Note: Flags indicate national team as defined under FIFA eligibility rules. Players may hold more than one non-FIFA nationality.
As the governing body of association football, FIFA is responsible for maintaining and implementing the rules that determine whether an association football player is eligible to represent a particular country in officially recognised international competitions and friendly matches. In the 20th century, FIFA allowed a player to represent any national team, as long as the player held citizenship of that country. In 2004, in reaction to the growing trend towards naturalisation of foreign players in some countries, FIFA implemented a significant new ruling that requires a player to demonstrate a "clear connection" to any country they wish to represent. FIFA has used its authority to overturn results of competitive international matches that feature ineligible players.
Coach: Jay Entlich Assistant Coach: Susan Hill Assistant Coach: Scott Calabrese
Professional athletes are distinguished from amateur athletes by virtue of being paid enough to earn a living. Throughout the world, most top female athletes are not paid, and work full-time or part-time jobs in addition to their training, practice and competition schedules. Women's professional sports organizations defy this trend. Such organizations are relatively new, and are most common in very economically developed countries, where investors are available to buy teams, and businesses can afford to sponsor them in exchange for publicity and promotion of their products. Very few governments support professional sports, male or female.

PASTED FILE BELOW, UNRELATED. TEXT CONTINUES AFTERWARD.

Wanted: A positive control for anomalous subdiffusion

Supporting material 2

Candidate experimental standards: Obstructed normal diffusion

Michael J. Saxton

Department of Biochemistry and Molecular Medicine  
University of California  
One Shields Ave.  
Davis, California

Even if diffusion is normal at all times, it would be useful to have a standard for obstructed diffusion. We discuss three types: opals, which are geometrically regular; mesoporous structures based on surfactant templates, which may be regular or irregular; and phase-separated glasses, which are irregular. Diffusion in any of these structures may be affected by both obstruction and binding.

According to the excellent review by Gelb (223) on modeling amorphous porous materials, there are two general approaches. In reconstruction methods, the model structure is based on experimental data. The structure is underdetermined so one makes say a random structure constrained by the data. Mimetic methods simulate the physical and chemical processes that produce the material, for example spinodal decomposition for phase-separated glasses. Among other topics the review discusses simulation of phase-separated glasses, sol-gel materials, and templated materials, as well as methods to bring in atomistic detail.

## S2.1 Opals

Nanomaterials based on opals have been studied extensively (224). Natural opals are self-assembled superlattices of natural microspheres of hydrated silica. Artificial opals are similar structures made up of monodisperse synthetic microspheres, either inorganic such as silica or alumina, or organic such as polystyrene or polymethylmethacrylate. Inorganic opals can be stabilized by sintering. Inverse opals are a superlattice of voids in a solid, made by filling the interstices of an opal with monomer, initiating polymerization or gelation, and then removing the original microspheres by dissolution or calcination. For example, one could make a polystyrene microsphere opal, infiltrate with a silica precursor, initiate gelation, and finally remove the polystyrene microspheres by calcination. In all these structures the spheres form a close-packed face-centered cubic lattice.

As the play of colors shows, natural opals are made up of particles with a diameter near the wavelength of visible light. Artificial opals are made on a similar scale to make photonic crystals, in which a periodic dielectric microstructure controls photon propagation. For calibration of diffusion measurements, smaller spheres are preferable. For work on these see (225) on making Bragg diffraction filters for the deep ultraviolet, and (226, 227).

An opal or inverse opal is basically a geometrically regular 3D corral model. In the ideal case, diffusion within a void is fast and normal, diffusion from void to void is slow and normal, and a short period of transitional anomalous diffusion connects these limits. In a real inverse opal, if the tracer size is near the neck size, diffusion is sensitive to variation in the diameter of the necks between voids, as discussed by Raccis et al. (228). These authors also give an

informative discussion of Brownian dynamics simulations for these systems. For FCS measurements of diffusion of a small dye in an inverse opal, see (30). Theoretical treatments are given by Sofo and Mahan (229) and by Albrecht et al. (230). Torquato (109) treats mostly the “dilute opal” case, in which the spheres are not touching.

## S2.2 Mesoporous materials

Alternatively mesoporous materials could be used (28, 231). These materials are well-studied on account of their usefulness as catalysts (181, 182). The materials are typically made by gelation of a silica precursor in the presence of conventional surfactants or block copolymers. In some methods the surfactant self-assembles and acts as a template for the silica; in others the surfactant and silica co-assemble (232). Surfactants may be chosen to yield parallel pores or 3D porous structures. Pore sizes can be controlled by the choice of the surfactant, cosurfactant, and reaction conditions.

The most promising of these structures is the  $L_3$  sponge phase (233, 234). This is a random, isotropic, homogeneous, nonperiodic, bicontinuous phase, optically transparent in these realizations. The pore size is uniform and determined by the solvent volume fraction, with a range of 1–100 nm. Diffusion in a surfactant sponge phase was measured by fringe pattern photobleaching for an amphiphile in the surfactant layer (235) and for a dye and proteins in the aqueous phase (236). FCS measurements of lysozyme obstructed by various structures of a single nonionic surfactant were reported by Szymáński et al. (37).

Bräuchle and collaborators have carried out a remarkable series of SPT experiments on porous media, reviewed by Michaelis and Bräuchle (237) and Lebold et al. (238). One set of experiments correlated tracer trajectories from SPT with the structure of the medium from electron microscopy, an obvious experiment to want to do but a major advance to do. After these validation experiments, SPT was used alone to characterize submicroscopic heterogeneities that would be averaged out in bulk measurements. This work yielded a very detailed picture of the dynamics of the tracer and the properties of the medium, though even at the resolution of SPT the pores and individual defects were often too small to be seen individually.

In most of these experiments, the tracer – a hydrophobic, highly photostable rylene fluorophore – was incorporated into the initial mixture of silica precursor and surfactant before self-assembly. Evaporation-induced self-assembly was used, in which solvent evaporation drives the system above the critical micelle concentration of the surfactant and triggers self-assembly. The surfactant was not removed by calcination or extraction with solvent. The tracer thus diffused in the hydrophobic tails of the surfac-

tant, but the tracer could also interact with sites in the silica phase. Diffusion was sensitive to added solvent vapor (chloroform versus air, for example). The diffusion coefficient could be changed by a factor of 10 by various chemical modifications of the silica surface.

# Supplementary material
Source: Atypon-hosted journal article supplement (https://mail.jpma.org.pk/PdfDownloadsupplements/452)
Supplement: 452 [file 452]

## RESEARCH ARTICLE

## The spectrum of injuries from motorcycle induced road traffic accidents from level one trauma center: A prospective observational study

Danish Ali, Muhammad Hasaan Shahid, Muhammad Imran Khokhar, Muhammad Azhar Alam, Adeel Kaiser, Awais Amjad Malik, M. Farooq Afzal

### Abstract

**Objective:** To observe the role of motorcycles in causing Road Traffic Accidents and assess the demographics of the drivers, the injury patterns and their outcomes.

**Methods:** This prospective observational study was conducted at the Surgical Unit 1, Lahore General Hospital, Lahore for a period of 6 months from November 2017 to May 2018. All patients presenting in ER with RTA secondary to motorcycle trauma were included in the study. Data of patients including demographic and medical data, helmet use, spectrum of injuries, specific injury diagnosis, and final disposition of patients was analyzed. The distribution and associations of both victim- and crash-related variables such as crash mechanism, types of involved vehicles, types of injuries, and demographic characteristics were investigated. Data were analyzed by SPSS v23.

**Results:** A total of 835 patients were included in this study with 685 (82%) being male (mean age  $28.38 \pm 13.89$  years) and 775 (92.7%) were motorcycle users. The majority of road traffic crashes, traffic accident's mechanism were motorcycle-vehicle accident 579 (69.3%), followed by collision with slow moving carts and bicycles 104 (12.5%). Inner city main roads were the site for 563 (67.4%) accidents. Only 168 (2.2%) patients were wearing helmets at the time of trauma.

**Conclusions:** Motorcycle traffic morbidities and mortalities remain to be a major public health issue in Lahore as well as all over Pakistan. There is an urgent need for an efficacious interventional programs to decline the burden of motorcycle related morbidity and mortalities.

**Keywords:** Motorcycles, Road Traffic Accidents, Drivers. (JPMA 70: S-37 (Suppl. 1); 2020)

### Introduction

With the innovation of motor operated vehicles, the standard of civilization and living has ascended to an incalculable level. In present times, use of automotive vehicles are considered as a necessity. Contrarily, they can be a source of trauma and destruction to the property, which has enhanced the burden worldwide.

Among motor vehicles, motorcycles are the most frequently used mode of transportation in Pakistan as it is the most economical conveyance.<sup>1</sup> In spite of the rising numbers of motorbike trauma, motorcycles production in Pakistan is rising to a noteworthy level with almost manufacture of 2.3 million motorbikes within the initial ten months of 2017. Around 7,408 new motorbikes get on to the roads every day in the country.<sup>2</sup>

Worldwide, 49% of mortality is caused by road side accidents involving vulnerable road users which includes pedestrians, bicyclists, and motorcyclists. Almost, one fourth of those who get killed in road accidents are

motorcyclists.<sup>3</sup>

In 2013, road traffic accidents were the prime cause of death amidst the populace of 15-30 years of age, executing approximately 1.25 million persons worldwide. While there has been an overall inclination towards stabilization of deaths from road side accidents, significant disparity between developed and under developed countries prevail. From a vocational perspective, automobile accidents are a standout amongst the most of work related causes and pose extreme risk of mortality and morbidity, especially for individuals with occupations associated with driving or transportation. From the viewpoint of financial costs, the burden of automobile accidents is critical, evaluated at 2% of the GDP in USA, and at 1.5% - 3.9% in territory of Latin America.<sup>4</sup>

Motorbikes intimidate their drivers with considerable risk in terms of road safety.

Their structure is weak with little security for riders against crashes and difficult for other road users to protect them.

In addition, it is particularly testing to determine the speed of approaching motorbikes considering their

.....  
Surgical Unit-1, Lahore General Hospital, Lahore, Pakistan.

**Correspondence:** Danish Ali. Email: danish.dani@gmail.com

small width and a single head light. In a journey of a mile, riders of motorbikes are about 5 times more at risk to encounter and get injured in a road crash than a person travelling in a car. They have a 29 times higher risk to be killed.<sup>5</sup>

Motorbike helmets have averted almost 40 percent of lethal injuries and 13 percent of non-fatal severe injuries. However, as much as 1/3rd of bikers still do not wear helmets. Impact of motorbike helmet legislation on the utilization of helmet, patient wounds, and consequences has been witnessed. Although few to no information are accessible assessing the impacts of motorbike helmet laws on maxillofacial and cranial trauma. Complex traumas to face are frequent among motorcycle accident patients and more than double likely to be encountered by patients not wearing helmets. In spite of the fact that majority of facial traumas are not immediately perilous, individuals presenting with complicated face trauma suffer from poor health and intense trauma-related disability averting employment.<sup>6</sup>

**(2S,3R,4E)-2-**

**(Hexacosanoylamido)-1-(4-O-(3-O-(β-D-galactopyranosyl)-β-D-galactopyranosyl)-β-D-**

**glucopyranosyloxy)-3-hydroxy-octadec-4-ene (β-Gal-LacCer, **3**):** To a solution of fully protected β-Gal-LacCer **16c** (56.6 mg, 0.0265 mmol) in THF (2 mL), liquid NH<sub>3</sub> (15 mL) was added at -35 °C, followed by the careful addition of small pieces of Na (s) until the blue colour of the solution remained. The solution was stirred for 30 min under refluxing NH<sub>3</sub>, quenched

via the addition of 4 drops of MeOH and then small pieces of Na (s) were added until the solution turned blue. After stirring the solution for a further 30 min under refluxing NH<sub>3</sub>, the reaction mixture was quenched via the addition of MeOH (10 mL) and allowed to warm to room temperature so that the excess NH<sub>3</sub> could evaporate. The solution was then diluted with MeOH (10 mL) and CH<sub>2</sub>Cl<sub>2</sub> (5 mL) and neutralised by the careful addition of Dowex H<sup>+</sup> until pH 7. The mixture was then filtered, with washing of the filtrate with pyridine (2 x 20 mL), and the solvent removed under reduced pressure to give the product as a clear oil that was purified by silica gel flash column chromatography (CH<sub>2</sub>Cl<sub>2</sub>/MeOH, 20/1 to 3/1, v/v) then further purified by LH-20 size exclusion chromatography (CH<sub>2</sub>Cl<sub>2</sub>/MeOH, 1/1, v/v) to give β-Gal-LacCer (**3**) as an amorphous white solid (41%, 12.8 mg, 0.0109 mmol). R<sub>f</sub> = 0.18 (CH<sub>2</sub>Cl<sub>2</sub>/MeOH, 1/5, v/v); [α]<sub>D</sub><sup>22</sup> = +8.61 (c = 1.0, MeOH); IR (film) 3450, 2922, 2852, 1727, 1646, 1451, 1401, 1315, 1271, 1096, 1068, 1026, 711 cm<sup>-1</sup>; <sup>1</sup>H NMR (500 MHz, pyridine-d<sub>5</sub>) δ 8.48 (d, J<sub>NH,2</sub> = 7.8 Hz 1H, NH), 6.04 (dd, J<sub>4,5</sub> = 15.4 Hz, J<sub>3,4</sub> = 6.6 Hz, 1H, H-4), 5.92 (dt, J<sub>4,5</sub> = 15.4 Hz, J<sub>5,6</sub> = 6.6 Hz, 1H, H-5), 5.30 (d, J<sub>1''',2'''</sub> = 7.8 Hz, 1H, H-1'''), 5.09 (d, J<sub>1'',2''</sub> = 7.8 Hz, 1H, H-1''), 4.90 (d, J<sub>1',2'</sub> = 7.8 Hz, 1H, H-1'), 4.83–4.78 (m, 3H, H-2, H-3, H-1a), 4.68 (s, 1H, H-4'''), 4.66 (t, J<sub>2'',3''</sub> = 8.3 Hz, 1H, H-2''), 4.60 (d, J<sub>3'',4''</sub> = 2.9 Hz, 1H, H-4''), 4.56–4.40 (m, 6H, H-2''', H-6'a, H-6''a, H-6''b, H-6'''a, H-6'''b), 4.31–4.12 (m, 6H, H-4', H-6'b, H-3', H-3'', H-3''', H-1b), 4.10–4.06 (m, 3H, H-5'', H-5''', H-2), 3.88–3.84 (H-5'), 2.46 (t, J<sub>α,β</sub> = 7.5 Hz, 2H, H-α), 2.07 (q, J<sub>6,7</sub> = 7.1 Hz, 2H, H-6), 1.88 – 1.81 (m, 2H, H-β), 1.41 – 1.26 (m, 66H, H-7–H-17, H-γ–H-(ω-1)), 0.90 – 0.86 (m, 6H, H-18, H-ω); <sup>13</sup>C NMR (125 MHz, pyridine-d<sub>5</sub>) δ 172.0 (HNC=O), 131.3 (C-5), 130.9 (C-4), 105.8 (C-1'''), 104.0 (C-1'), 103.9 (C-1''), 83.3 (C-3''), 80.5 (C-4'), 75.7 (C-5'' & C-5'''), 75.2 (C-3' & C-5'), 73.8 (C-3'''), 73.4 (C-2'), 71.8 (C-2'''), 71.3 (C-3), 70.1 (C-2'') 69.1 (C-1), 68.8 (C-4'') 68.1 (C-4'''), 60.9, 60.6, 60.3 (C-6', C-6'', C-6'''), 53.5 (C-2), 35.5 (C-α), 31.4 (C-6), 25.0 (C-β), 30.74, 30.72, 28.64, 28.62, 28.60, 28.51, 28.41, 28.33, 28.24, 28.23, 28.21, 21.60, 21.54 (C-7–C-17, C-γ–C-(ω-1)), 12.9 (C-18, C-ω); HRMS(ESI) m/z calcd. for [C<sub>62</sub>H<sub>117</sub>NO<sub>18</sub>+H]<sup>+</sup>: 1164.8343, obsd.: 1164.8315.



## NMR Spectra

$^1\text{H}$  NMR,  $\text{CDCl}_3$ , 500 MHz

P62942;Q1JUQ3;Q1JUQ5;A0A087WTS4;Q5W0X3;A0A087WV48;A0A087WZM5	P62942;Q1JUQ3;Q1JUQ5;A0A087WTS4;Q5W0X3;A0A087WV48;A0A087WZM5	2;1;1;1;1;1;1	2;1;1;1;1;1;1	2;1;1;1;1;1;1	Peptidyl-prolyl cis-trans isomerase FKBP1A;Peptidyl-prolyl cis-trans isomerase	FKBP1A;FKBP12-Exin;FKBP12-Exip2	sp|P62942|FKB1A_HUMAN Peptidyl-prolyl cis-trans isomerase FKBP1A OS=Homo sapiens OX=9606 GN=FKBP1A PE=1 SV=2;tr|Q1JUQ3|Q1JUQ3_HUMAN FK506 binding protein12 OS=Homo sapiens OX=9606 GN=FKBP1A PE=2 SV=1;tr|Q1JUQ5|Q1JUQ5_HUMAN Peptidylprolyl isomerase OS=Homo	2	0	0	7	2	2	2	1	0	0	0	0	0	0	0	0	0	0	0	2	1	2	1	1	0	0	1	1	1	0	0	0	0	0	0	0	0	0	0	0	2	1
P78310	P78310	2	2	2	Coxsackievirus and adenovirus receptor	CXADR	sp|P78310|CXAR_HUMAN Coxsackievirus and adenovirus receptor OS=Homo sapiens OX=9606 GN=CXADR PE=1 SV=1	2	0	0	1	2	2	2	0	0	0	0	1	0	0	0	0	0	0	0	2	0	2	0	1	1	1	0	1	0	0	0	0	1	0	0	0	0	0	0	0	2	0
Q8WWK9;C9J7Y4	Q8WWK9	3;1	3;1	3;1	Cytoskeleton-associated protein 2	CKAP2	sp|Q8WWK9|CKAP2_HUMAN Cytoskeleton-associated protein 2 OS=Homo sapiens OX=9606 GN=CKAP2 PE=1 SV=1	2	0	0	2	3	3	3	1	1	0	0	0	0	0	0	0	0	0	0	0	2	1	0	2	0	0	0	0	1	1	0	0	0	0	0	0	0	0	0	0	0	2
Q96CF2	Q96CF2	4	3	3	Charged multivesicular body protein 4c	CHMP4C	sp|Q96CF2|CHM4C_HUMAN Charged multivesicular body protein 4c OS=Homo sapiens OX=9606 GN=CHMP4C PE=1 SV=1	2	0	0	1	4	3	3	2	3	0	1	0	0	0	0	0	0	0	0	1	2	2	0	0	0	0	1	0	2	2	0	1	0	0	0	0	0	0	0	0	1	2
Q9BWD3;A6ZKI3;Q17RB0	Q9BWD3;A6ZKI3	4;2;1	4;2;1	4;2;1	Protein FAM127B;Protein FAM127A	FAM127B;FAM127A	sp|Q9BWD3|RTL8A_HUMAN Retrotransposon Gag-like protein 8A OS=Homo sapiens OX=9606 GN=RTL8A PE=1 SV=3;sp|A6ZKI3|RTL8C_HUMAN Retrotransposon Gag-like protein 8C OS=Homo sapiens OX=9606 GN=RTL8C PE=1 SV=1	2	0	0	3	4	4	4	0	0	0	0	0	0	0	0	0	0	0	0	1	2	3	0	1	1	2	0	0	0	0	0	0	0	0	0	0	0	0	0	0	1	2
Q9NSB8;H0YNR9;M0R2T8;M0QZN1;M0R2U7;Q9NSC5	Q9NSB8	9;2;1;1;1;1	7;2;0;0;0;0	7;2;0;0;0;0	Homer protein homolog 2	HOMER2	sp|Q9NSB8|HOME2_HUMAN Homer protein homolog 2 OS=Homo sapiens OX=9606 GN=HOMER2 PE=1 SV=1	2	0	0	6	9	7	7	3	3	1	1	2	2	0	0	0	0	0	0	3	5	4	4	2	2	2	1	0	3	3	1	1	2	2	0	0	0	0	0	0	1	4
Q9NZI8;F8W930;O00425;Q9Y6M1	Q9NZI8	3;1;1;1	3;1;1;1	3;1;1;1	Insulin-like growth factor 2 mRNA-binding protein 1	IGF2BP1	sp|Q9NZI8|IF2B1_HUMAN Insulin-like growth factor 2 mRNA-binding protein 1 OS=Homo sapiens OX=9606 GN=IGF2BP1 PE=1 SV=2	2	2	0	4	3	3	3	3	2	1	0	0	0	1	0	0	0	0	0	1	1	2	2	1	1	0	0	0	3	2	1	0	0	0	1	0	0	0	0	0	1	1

Women's association football, also commonly known as women's football or women's soccer is the most prominent team sport played by women around the globe. It is played at the professional level in numerous countries throughout the world and 176 national teams participate internationally.
Mariel Margaret Hamm-Garciaparra is an American retired professional soccer player, two-time Olympic gold medalist, and two-time FIFA Women's World Cup champion. Hailed as a soccer icon, she played as a forward for the United States women's national soccer team from 1987–2004. Hamm was the face of the Women's United Soccer Association (WUSA), the first professional women's soccer league in the United States, where she played for the Washington Freedom from 2001–2003. She played college soccer for the North Carolina Tar Heels women's soccer team and helped the team win four consecutive NCAA Division I Women's Soccer Championship titles.